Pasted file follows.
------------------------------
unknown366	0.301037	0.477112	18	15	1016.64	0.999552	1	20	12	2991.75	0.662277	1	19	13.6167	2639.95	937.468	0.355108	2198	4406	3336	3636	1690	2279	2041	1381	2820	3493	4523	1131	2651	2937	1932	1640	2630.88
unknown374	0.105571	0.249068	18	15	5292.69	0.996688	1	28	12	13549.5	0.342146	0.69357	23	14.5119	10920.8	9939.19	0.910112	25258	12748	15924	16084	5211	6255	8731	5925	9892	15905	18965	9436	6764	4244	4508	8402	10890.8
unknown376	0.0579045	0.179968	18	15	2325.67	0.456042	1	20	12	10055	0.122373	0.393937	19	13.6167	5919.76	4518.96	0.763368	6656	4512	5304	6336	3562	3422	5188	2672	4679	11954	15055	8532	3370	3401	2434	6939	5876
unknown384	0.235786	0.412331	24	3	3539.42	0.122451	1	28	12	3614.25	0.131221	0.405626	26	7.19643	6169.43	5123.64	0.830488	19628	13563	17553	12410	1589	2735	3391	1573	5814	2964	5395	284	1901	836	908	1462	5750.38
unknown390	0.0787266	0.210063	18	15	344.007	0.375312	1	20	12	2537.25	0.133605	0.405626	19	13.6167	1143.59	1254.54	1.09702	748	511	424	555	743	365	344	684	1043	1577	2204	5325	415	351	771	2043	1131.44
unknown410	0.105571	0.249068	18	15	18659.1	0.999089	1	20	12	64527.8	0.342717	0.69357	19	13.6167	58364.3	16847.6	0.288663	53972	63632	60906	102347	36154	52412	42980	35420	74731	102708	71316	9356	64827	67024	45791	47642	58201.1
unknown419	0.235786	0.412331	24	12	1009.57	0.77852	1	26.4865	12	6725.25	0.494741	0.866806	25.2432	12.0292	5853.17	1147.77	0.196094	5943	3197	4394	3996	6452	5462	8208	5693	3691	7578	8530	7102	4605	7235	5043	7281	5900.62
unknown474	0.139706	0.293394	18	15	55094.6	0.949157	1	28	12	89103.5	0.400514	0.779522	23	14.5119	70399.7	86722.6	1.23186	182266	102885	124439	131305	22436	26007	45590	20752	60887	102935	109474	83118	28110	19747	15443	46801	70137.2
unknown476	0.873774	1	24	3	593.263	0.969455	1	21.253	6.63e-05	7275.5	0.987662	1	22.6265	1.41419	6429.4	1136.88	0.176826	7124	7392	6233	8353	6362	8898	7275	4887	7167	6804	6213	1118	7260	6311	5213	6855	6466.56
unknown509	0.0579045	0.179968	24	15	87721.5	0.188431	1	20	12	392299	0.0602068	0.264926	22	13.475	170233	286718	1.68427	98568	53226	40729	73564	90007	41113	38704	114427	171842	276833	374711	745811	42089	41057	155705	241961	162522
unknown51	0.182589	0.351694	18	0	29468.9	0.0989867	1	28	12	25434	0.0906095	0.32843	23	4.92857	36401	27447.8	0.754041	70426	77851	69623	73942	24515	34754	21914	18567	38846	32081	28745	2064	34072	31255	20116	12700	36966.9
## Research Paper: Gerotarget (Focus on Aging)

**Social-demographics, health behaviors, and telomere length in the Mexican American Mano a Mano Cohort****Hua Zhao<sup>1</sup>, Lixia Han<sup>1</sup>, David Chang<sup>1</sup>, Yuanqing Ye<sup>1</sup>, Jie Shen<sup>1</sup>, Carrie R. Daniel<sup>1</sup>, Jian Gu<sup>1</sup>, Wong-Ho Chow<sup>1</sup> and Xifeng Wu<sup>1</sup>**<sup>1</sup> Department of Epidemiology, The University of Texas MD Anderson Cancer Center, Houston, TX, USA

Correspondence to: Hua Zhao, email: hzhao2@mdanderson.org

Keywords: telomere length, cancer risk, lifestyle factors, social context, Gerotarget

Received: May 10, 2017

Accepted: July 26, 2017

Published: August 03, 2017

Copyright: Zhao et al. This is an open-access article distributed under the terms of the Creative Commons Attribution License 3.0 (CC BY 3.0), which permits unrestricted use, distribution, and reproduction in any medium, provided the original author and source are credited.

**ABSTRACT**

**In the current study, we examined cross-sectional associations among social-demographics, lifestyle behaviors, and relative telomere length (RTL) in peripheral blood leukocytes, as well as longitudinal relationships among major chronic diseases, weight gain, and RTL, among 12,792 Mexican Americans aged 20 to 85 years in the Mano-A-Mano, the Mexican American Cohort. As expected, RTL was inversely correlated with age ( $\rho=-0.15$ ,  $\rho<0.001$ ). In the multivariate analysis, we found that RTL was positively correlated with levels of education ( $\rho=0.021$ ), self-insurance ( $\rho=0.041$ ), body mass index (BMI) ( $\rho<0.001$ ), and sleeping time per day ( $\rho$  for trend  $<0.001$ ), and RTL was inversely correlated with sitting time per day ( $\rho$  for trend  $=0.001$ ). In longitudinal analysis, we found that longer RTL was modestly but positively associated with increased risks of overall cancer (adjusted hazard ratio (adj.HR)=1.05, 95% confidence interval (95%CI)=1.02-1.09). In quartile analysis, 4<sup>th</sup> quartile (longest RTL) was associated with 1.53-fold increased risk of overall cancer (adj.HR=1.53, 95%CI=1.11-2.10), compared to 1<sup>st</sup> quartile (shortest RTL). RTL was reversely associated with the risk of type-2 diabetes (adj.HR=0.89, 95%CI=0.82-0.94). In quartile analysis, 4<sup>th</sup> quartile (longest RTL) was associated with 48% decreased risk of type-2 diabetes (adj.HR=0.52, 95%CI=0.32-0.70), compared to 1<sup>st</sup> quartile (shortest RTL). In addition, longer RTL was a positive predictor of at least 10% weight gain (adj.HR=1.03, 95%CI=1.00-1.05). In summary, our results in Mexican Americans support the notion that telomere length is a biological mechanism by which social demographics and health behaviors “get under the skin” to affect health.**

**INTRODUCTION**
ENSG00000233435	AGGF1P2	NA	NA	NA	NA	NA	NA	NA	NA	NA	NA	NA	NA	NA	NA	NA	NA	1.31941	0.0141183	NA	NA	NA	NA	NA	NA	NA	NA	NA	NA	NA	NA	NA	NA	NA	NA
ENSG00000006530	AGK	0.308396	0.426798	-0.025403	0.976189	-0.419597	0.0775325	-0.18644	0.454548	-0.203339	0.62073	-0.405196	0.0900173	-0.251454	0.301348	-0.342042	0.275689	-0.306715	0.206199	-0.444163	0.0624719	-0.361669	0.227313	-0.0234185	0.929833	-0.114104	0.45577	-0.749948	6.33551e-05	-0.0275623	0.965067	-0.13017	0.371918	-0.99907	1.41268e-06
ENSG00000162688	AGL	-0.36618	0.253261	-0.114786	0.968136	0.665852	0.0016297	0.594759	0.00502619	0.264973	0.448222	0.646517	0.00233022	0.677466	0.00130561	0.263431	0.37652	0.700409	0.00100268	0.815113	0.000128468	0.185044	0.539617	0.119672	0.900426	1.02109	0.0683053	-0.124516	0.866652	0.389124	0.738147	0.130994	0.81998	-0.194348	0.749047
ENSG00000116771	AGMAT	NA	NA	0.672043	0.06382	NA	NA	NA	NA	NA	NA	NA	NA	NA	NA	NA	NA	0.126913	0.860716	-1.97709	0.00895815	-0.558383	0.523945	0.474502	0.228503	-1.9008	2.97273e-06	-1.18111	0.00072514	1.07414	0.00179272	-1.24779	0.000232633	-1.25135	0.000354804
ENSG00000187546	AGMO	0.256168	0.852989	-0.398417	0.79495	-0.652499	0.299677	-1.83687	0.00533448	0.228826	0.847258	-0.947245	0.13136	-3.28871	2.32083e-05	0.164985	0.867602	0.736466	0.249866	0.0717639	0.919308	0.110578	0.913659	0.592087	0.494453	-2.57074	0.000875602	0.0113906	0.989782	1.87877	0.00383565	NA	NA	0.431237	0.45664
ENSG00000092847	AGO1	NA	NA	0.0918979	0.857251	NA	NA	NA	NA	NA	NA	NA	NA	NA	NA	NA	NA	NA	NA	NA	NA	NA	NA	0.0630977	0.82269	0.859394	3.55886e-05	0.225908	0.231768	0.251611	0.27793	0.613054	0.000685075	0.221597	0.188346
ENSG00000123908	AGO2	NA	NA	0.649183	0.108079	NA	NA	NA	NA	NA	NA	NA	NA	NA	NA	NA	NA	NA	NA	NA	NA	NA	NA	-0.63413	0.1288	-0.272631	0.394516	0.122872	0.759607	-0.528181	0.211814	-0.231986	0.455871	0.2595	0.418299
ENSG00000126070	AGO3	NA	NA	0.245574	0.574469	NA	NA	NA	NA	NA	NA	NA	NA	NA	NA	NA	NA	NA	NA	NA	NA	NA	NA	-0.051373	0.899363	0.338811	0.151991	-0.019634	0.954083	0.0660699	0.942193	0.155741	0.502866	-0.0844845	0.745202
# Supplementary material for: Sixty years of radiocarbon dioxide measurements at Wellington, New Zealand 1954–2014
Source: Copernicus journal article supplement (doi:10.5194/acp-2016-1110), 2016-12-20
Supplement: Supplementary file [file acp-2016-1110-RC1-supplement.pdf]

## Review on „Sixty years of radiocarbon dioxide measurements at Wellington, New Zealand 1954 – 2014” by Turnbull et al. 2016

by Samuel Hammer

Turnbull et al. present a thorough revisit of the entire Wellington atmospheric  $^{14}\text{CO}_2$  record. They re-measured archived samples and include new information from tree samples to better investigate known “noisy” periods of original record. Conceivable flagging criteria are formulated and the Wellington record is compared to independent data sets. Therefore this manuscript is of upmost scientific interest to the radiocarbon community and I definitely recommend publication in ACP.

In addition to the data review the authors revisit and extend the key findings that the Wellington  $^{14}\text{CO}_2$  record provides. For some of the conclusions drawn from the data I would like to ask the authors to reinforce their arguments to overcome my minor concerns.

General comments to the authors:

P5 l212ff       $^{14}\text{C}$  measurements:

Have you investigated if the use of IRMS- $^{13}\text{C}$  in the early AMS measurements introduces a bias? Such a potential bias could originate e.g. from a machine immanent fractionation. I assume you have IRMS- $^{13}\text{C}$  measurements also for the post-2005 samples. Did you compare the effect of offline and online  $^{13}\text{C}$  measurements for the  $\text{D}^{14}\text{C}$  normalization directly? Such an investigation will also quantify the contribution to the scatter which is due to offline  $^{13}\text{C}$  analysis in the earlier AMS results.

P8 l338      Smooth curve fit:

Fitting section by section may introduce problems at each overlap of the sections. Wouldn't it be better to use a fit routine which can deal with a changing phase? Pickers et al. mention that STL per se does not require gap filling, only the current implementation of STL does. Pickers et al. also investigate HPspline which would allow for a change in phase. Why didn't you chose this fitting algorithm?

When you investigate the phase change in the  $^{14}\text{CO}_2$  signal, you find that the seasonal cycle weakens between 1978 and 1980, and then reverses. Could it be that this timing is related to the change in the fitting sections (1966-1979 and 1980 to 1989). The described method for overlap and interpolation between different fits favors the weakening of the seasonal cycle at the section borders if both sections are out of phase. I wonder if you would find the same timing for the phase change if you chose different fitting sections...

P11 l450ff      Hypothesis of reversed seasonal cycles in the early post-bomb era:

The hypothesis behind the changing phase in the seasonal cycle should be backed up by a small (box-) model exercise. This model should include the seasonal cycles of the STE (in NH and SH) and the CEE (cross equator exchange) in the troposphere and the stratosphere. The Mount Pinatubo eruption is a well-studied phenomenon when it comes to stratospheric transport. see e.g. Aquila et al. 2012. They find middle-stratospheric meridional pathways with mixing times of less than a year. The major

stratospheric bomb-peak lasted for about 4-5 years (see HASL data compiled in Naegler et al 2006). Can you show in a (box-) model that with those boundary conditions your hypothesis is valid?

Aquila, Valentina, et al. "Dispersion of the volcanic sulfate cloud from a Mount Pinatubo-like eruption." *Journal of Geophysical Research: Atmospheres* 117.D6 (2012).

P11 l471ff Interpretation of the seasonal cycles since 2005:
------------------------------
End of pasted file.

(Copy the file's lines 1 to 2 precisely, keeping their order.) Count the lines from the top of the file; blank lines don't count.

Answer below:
unknown366	0.301037	0.477112	18	15	1016.64	0.999552	1	20	12	2991.75	0.662277	1	19	13.6167	2639.95	937.468	0.355108	2198	4406	3336	3636	1690	2279	2041	1381	2820	3493	4523	1131	2651	2937	1932	1640	2630.88
unknown374	0.105571	0.249068	18	15	5292.69	0.996688	1	28	12	13549.5	0.342146	0.69357	23	14.5119	10920.8	9939.19	0.910112	25258	12748	15924	16084	5211	6255	8731	5925	9892	15905	18965	9436	6764	4244	4508	8402	10890.8